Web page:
Echoes of Language Development: 7 Facts About Echolalia for SLPs
Written by Kylie Grace Davis, MS, CCC-SLP
It’s no secret that verbal repetition and imitation are important parts of early speech and language acquisition. Speech and language input create a framework for children to understand their environment, say first words, learn new vocabulary and exercise increasingly complex functions of communication. As children hear language around them, they begin to assign meaning, repeat words and eventually use language in novel ways to become independent communicators.
Echolalia, a form of verbal imitation, is one of the most common characteristics of communication in people with autism spectrum disorder (ASD). Although previously seen by some as maladaptive behavior, an increasing body of evidence led most experts to recognize echolalia as a bridge to meaningful, self-generated speech with communicative intent. As speech-language pathologists, we play a part in helping family members and fellow professionals understand the important role echolalia plays in language development and communication of people with ASD.
Here are seven important facts about echolalia for SLPs to know and share:
Echolalia represents a gestalt language-processing style. This means children first assign a single unit of meaning to longer segments of spoken language. What a child initially perceives as “comesitdownatthetable” may simply mean “table” to them, for example. Gradually, the child can isolate smaller and smaller parts from the original phrase and use individual words and grammatical structures to produce original sentences. Children with autism essentially learn language from the top-down, rather than bottom-up.
Echolalia can be immediate or delayed. Immediate echolalia occurs within two conversational turns of original language input, whereas delayed echolalia occurs after more than two conversational turns take place. When a child repeats learned routines or phrases that are more complex than they can formulate on their own, that usually signifies delayed echolalia. Though delayed echoic responses may not fit current conversational context to an unfamiliar listener, they often relate personally to the child. For example, a repeated sentence or phrase can represent a significant memory, emotion or area of interest.
Echolalia is a verbal behavior, not a vocal stereotypy. People with ASD might echo their own speech, the speech of others and/or audio media from radio or television. Echolalia always involves repetition of verbalizations in some form—not vocalizations. SLPs can help distinguish true echolalia from non-speech vocalizations such as vocal stereotypy.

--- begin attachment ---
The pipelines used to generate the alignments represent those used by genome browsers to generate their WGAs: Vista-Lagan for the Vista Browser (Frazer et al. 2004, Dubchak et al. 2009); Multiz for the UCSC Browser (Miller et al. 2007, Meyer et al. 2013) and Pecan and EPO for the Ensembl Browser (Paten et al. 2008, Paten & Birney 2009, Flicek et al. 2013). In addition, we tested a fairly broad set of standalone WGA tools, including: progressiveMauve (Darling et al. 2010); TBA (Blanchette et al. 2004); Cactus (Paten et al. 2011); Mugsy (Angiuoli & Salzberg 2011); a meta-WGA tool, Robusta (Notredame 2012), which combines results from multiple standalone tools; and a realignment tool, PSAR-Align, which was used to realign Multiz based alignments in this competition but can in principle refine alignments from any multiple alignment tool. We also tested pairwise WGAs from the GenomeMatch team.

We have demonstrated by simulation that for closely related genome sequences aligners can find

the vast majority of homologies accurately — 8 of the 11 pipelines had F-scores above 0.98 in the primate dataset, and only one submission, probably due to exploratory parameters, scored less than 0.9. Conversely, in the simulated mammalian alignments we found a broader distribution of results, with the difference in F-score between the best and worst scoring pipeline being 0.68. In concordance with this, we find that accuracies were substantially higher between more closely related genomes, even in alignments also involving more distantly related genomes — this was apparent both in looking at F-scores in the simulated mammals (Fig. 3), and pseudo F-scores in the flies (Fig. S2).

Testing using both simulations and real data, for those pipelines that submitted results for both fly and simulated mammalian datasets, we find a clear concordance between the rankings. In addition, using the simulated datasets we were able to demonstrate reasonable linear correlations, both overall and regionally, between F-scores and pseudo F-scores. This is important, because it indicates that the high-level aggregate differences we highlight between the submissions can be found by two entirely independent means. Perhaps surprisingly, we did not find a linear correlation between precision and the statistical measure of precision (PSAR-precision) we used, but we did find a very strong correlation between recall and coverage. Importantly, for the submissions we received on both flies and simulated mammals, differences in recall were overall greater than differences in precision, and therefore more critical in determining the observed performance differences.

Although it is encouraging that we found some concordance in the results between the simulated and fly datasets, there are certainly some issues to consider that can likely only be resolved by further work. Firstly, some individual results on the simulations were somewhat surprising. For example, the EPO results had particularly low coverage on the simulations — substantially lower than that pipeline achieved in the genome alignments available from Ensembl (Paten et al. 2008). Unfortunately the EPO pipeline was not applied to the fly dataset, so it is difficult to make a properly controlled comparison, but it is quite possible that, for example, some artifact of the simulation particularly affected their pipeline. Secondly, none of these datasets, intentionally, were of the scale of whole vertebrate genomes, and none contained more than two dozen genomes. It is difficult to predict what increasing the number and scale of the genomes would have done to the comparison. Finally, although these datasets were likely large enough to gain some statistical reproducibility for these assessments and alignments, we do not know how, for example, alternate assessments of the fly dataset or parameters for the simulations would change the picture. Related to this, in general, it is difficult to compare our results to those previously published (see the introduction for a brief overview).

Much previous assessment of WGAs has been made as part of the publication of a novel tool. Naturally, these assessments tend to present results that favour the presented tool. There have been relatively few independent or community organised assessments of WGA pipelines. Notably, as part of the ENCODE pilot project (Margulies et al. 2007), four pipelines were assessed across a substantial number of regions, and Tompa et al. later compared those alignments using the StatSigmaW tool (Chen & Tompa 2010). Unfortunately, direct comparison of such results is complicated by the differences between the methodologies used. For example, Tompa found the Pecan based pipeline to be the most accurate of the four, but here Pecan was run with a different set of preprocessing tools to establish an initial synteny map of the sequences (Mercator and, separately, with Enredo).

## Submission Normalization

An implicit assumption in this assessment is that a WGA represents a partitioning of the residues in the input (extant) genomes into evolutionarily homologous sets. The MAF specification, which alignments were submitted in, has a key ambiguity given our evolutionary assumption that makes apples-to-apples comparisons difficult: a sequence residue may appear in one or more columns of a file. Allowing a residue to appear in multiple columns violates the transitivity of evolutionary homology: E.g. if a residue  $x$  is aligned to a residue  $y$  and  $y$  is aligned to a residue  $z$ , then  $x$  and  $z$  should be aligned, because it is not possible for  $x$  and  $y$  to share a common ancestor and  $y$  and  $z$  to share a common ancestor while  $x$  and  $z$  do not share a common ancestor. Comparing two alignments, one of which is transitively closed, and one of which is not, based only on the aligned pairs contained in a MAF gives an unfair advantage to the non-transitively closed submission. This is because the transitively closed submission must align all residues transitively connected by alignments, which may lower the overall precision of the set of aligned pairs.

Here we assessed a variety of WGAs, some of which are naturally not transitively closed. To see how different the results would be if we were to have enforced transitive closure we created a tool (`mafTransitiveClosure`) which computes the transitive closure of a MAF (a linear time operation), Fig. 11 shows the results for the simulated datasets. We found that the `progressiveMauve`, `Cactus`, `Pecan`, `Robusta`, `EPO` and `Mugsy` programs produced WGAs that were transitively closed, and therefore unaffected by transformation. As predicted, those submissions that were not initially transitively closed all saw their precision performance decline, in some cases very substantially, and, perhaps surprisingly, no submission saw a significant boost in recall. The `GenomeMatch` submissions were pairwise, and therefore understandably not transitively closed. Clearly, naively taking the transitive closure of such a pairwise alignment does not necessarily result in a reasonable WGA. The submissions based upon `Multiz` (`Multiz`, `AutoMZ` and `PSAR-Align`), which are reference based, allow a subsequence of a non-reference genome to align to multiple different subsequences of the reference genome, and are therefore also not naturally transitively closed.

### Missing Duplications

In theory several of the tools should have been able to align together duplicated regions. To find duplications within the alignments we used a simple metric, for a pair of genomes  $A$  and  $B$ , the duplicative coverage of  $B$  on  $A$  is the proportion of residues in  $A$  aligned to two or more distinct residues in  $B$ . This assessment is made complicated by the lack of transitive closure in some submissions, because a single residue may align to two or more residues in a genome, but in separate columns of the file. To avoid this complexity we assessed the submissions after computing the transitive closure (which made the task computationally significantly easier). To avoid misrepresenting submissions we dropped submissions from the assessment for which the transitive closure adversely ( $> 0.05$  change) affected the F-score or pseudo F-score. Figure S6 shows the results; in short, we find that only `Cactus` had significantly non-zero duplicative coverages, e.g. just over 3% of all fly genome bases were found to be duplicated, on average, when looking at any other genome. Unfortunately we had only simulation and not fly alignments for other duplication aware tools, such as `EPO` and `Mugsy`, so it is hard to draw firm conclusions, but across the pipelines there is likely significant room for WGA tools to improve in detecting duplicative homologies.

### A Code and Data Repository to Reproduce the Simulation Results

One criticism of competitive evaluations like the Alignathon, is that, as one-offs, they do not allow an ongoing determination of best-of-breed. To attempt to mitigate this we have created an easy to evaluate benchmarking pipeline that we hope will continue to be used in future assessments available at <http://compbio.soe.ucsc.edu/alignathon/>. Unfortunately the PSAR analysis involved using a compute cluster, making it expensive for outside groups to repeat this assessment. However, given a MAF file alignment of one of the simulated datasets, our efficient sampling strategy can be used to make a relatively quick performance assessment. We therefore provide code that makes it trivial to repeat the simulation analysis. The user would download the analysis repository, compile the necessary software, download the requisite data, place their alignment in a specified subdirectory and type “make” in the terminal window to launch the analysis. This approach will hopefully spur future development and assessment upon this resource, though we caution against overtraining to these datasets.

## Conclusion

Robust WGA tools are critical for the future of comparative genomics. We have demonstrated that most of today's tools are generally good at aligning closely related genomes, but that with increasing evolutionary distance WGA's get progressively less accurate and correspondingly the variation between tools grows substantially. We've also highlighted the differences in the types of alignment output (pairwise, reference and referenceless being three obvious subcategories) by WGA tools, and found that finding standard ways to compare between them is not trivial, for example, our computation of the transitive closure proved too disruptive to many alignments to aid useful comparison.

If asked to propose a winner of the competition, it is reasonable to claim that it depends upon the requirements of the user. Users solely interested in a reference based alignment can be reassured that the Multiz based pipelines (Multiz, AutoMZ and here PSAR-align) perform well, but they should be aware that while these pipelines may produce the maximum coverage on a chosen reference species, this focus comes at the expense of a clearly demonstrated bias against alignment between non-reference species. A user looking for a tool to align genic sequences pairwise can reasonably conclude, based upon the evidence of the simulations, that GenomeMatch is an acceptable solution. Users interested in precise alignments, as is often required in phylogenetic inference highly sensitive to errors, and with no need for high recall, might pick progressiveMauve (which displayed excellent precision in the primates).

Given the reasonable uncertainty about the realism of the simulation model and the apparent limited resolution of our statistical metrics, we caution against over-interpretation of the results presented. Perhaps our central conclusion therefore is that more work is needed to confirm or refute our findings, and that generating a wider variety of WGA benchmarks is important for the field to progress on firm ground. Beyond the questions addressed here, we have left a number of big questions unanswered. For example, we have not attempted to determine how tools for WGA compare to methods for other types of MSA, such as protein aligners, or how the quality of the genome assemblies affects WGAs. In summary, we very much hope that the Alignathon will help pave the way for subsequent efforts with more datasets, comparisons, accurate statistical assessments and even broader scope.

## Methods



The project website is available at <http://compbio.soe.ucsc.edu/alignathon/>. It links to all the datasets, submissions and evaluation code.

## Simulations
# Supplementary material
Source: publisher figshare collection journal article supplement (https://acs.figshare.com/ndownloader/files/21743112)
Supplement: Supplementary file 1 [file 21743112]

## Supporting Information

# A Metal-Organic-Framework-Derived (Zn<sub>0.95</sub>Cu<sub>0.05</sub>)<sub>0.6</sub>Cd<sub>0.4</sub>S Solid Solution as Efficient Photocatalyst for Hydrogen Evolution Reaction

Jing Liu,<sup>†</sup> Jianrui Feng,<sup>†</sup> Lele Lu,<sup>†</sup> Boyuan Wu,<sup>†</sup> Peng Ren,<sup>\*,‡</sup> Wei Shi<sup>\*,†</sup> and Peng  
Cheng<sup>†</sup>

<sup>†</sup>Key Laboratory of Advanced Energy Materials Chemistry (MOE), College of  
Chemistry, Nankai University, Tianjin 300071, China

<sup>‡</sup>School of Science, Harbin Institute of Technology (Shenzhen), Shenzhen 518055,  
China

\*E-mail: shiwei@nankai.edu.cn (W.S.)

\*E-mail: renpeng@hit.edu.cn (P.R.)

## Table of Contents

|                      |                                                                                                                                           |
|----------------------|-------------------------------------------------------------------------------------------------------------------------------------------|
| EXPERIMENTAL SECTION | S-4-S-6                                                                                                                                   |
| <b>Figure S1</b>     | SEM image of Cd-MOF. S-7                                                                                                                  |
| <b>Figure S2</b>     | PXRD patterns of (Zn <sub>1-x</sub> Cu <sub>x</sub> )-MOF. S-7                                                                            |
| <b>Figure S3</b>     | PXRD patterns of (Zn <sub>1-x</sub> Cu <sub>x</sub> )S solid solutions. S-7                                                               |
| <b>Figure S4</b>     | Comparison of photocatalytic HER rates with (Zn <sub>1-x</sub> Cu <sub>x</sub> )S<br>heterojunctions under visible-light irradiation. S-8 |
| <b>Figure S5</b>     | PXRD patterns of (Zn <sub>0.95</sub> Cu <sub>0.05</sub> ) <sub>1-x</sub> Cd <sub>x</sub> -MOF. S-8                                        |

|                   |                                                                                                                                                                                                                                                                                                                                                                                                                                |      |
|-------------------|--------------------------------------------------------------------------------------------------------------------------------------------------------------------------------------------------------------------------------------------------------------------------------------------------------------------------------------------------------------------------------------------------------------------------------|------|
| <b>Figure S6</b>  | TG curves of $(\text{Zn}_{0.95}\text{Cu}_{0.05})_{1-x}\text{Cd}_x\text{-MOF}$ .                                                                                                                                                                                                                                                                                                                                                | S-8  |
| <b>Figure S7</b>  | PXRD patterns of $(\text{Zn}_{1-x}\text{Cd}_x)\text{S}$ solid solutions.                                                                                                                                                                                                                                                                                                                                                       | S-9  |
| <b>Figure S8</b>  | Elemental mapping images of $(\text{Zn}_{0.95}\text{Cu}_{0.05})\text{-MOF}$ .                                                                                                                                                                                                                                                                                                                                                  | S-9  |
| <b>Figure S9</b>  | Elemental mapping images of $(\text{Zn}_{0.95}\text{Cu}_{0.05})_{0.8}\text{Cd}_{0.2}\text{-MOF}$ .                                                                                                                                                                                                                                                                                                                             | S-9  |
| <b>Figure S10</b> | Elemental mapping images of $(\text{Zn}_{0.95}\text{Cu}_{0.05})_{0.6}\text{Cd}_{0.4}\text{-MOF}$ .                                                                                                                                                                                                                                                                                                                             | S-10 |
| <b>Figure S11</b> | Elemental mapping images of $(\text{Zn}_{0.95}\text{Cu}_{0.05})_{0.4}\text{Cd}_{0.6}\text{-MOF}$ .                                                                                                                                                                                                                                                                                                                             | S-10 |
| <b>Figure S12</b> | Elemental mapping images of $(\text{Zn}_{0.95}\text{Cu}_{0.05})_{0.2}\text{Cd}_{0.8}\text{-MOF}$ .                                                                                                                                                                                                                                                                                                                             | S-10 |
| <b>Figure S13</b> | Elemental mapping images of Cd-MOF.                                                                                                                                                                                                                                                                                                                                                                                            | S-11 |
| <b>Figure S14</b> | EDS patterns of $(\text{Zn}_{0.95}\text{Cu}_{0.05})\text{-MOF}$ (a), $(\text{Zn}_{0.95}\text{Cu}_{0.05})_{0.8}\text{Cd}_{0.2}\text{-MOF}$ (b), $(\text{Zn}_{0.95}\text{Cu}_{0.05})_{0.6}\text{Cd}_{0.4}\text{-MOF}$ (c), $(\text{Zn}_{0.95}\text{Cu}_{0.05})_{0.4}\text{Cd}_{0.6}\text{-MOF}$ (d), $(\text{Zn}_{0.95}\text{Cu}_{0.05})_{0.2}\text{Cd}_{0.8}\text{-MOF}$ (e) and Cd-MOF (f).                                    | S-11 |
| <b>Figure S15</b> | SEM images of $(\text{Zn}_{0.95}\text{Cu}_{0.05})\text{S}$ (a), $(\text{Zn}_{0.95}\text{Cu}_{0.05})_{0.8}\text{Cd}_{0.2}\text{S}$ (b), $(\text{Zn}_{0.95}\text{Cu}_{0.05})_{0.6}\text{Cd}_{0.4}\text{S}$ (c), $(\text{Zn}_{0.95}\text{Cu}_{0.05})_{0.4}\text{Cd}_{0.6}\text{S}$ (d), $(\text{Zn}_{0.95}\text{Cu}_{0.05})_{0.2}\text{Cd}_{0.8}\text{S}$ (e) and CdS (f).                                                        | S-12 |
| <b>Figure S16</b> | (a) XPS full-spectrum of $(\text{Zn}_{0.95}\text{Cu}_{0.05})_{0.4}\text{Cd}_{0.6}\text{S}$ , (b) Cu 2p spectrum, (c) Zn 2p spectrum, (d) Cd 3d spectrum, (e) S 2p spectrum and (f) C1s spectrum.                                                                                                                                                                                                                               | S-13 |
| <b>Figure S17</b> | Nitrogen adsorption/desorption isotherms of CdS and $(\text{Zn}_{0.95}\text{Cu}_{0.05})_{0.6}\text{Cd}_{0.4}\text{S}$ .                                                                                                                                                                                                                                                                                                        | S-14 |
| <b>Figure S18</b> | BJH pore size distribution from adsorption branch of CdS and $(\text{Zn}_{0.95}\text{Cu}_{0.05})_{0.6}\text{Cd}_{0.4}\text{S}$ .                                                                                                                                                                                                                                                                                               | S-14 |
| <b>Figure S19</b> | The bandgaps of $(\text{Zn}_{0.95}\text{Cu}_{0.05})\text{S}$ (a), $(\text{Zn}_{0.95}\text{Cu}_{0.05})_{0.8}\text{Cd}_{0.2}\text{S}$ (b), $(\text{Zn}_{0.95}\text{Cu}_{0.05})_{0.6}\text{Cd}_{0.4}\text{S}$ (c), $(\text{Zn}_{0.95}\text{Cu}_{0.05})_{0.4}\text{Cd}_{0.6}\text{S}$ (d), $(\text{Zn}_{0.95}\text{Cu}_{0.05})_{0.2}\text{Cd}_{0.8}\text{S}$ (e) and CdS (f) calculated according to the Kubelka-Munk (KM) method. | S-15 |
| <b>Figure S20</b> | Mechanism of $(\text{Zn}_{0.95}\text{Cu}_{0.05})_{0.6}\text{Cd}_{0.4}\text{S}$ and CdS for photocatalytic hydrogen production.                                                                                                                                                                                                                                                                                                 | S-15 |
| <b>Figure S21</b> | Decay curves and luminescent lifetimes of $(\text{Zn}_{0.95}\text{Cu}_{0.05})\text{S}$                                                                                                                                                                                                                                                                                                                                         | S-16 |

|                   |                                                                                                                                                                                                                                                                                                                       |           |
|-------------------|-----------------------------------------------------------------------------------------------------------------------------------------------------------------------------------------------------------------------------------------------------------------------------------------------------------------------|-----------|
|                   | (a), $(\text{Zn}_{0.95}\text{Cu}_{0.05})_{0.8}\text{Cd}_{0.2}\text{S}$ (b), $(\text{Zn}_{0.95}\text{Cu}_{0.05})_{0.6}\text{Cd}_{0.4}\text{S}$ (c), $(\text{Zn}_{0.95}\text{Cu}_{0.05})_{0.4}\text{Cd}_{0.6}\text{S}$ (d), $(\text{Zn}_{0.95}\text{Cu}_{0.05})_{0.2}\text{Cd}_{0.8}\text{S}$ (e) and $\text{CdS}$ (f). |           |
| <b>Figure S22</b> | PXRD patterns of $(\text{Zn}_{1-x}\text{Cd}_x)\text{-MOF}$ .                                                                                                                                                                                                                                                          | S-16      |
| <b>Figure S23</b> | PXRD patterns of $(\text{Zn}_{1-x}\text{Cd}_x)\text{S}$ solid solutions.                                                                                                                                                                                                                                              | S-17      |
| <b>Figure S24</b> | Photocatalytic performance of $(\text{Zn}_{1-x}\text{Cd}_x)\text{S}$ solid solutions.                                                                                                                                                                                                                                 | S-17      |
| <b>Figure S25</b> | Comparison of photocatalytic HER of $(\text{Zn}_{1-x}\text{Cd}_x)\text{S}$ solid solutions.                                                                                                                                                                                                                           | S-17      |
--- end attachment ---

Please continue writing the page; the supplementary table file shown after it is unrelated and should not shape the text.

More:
Echolalia supports relationship-building and social closeness. In addition to supporting language acquisition including vocabulary and syntax development, echolalia creates opportunities for people with autism to interact and engage with others through conversational turn-taking. This verbal reciprocity supports relationship-building and social-emotional closeness with others.
Echolalia serves a variety of communicative purposes. Echolalia provides a way for people with autism to affirm, call, request, label, protest, relate information, complete verbal routines and give directives. Nonverbal indicators of engagement and comprehension, such as eye gaze, body language and gestures are often observed in combination with echolalia.
Echolalia aids self-regulation. Most experts say echolalia improves communication even when a specific function of communication can’t be identified. Even when a child’s echoes seem out of context, for example, echolalia still supports important aspects of cognitive functioning including rehearsal, learning and self-regulation.
SLPs can support language learning through interaction. Following a child’s lead by using low-constraint language models—like comments, affirmations and reflective questions—can support natural language development in children with ASD who demonstrate echolalia. This sets up a facilitative interaction style, which can yield more sophisticated communication with higher levels of comprehension—for example, requesting information or commenting.
By recognizing differences in language learning styles, defining echolalia, and embracing its social, communicative and cognitive functionalities, we can positively influence the way echolalia is perceived and treated. Widening our scope of treatment options helps increase language-learning opportunities for people with autism.